This is Spinal Tap provided an early venue for many unknown and up-and-coming actors. Fran Drescher had already had some small but successful roles in films like Saturday Night Fever, Stranger in Our House, and American Hot Wax and later became a household name in 1993with her own sitcom The Nanny. But one of her most memorable roles before striking it big was that of the band’s irrepressible publicist Bobbi Flekman. One of her big scenes in the film takes place at an industry meet-and-greet, where she lectures the band on their over-the-top sexist album cover idea.
Fun fact: Drescher made an appearance as Bobbi Flekman on her show The Nanny several years after Spinal Tap.
Harry Shearer as Derek Smalls
Derek Smalls was the glue that held Spinal Tap together. Smalls, the group’s bassist, says in the film that St. Hubbins and Tufnel are “distinct types of visionaries … like fire and ice,” and that his own role was to stay “in the middle of that, kind of like lukewarm water.”
Many believe that Smalls’ character was based off Lemmy from Motörhead, who shared a similar appearance and style.
One of Smalls’ fan-favorite quotes is “That’s not to say I haven’t had my visionary moments. I’ve taken acid seventy… five, seventy-six times.” Perhaps that’s where he came up with the concept for “Jazz Odyssey.”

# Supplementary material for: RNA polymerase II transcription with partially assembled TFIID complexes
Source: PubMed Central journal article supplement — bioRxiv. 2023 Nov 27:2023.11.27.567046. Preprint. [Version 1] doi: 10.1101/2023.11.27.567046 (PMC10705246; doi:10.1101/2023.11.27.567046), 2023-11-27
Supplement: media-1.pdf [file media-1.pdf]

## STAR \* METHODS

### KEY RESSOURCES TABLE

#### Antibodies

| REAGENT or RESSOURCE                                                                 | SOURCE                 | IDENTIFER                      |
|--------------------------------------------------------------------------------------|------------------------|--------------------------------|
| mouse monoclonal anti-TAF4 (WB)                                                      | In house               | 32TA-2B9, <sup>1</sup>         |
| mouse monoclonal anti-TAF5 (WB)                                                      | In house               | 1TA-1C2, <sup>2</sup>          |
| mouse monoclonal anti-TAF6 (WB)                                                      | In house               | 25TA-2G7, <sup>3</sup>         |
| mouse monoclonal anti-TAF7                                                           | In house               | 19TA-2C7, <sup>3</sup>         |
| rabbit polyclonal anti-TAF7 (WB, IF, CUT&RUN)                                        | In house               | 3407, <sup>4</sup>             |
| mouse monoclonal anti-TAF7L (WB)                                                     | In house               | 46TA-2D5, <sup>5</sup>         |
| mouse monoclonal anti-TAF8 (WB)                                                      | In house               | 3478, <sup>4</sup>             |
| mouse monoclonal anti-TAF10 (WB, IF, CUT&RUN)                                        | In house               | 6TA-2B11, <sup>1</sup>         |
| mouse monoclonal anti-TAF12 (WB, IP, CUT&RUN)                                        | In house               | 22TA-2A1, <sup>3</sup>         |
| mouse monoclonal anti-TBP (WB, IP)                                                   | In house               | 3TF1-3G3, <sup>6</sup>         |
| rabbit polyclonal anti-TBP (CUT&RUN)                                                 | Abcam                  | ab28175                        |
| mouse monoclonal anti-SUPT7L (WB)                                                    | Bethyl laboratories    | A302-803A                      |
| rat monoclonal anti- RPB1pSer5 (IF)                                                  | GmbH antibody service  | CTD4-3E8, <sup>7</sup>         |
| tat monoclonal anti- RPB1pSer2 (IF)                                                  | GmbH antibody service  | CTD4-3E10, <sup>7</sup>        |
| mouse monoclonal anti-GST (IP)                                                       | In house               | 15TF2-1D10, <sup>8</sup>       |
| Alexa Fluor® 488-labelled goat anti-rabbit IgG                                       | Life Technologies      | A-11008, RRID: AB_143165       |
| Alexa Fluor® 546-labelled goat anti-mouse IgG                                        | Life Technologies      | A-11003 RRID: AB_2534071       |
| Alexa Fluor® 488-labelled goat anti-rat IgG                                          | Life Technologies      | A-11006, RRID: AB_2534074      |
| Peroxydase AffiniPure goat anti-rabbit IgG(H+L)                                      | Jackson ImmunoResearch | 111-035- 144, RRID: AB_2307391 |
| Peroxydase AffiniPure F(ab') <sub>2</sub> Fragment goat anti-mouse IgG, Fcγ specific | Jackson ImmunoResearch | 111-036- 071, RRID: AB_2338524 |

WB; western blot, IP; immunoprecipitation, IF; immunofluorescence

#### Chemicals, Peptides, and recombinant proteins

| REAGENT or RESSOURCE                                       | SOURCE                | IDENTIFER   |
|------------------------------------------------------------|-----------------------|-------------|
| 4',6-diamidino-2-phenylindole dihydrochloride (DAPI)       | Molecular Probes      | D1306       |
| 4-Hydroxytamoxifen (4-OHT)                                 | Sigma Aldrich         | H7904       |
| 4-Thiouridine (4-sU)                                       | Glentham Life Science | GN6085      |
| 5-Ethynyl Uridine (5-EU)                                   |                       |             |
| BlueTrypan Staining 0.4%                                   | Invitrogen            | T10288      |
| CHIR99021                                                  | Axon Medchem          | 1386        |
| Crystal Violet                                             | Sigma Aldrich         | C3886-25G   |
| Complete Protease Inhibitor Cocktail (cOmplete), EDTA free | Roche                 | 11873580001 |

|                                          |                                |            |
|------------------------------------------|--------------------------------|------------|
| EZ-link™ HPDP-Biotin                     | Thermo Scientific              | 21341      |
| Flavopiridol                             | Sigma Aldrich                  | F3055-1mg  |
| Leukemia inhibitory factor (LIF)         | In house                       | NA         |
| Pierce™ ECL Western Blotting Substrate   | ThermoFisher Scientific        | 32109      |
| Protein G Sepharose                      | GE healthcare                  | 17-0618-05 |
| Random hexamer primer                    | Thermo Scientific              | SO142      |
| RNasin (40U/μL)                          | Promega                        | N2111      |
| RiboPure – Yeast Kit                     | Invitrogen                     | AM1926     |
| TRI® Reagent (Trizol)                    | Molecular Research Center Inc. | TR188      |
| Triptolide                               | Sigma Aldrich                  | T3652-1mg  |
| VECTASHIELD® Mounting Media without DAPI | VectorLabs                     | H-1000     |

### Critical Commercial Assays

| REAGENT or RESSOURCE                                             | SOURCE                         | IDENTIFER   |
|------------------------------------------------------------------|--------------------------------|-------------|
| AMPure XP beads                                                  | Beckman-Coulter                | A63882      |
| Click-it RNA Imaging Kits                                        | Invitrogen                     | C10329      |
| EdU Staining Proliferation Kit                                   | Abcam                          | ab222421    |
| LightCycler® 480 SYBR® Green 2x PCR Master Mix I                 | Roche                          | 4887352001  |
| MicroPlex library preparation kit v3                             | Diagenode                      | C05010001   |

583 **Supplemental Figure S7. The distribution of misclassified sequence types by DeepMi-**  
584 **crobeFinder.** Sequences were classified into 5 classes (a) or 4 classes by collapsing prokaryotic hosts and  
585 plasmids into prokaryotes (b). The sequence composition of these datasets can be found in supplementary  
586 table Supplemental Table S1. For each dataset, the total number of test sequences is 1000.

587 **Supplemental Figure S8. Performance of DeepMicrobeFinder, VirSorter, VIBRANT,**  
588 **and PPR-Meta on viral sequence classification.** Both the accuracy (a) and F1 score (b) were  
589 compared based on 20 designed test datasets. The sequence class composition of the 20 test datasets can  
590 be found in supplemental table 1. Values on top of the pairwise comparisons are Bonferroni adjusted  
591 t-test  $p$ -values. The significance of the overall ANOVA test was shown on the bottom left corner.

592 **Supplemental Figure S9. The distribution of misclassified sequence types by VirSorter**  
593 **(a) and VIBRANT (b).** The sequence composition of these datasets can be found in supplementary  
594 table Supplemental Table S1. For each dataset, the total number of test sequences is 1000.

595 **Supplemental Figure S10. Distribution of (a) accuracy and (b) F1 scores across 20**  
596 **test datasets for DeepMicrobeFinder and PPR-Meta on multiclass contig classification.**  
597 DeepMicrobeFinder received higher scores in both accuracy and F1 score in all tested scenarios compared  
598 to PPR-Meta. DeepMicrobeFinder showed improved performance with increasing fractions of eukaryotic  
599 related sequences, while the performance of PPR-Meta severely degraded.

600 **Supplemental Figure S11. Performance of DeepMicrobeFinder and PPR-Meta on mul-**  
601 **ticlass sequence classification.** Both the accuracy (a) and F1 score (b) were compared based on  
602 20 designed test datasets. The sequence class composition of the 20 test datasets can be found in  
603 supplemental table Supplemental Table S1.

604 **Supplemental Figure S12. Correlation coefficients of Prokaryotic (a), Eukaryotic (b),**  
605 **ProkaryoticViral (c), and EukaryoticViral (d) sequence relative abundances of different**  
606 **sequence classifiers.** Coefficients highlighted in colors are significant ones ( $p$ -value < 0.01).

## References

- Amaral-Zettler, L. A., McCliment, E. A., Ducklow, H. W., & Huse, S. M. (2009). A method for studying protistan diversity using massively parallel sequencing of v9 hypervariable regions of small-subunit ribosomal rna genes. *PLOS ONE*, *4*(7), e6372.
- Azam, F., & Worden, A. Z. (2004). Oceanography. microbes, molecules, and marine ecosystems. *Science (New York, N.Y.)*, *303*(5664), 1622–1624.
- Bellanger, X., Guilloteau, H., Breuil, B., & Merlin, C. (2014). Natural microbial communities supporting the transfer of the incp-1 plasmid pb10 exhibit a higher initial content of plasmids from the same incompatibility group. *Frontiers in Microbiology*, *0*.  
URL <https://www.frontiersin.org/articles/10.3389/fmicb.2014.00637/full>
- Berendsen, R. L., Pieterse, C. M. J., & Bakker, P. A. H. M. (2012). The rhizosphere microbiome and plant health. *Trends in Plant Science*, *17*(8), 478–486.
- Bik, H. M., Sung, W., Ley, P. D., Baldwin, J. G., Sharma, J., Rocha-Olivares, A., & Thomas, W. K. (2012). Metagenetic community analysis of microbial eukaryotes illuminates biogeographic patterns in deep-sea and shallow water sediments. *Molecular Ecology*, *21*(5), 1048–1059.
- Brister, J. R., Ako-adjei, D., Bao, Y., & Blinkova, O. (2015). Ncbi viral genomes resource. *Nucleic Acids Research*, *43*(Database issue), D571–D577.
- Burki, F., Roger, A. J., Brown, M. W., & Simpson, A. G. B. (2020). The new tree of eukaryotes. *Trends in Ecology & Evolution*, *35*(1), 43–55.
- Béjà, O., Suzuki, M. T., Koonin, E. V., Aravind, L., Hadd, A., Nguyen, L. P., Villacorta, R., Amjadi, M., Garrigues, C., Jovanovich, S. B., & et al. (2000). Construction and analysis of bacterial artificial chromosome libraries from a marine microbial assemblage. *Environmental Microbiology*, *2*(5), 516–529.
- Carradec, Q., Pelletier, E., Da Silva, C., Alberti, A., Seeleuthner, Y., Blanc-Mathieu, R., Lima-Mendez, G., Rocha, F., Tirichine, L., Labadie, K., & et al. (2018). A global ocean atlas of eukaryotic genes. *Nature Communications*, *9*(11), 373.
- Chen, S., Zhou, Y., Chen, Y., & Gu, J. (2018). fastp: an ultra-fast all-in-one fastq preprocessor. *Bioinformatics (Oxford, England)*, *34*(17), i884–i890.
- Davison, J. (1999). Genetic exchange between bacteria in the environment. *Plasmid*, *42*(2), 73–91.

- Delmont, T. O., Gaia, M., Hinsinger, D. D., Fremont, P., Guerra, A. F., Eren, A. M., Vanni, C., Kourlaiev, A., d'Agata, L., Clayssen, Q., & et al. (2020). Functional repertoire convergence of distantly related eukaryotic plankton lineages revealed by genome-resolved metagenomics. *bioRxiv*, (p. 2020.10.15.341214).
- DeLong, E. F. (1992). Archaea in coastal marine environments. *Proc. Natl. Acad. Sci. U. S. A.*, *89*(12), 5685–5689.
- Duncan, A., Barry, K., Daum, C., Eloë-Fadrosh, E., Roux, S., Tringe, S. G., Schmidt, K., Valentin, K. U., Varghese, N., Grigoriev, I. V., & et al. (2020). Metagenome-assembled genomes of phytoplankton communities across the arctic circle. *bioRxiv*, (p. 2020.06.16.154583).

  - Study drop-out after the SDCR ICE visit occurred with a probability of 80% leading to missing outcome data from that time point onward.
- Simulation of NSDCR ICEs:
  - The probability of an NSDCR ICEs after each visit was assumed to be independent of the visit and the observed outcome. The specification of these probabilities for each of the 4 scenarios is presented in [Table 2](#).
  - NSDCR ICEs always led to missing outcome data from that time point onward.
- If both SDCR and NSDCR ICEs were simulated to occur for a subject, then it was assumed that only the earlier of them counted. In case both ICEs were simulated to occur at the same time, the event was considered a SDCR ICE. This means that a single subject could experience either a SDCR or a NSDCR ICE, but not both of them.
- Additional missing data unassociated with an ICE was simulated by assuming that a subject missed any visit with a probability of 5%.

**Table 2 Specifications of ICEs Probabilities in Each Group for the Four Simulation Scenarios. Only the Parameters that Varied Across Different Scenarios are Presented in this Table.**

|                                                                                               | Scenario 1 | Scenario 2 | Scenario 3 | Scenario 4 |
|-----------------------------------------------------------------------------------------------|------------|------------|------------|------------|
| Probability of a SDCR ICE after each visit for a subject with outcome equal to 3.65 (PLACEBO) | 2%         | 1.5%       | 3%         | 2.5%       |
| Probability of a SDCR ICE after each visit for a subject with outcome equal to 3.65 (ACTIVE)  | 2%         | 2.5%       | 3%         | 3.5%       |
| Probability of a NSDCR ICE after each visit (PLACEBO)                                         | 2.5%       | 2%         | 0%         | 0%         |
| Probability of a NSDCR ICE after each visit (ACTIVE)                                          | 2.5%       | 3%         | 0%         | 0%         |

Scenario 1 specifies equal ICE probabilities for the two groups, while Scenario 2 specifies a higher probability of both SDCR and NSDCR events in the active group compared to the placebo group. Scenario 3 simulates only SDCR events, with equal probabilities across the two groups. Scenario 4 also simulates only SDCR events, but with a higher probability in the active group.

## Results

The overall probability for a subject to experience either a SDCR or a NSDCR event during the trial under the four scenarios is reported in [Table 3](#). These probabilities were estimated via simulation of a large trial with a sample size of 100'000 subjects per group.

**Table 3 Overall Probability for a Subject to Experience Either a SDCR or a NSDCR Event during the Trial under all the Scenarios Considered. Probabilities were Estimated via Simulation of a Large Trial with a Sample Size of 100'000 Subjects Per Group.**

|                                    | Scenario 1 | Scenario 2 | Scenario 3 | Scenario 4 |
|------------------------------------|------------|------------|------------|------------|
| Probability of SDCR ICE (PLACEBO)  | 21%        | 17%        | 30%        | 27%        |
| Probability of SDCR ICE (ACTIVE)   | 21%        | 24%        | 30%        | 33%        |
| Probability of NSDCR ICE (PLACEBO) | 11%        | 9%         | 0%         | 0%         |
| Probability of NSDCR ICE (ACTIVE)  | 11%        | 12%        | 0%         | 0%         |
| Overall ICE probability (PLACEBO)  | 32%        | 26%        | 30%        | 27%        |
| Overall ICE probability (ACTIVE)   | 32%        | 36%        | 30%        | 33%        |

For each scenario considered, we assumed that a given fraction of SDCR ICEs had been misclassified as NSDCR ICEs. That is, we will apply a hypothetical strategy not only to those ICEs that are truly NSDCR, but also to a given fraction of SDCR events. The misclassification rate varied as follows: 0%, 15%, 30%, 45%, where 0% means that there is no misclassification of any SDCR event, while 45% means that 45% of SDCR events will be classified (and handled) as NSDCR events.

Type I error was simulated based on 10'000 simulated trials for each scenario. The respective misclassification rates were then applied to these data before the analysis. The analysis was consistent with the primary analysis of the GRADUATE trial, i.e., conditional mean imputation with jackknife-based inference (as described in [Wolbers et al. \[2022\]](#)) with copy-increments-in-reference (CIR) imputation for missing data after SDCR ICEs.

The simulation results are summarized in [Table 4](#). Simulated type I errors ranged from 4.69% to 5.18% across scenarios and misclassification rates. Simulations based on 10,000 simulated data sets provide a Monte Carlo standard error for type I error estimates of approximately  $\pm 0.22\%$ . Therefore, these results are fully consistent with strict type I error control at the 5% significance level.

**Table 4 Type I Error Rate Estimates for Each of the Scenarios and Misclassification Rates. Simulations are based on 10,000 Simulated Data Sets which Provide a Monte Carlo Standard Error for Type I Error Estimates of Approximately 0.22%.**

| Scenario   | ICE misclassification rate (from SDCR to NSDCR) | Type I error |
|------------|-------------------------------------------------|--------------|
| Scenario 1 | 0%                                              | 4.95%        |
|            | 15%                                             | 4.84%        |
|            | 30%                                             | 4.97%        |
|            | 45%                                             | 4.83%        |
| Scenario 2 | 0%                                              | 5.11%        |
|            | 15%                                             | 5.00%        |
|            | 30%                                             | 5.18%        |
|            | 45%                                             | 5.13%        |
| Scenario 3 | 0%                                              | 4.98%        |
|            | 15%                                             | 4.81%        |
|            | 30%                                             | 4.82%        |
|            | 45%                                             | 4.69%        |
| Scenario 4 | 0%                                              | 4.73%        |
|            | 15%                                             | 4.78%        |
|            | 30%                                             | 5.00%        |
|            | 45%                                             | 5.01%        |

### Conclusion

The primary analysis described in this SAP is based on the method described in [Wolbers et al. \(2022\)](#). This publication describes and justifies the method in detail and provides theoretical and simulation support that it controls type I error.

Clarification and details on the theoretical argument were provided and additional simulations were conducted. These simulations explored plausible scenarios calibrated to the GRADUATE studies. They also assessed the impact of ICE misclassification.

Harry Shearer has been a cast member on Saturday Night Live twice, first during the 1979-1980 season and later in 1984-1985. He’s been an integral part of the long-running animated series The Simpsons, where he voices many key characters. He’s also appeared in many films and has written three books. Shearer was awarded a star on the Hollywood Walk of Fame in 2008.
On a personal level, Shearer feels passionately about the levee failure that led to the massive disaster when Hurricane Katrina pummeled New Orleans in 2005. Five years after the tragedy Shearer directed a documentary called The Big Uneasy, in which he blames the U.S. Army Corps of Engineers for the devastating loss of life and property that occurred.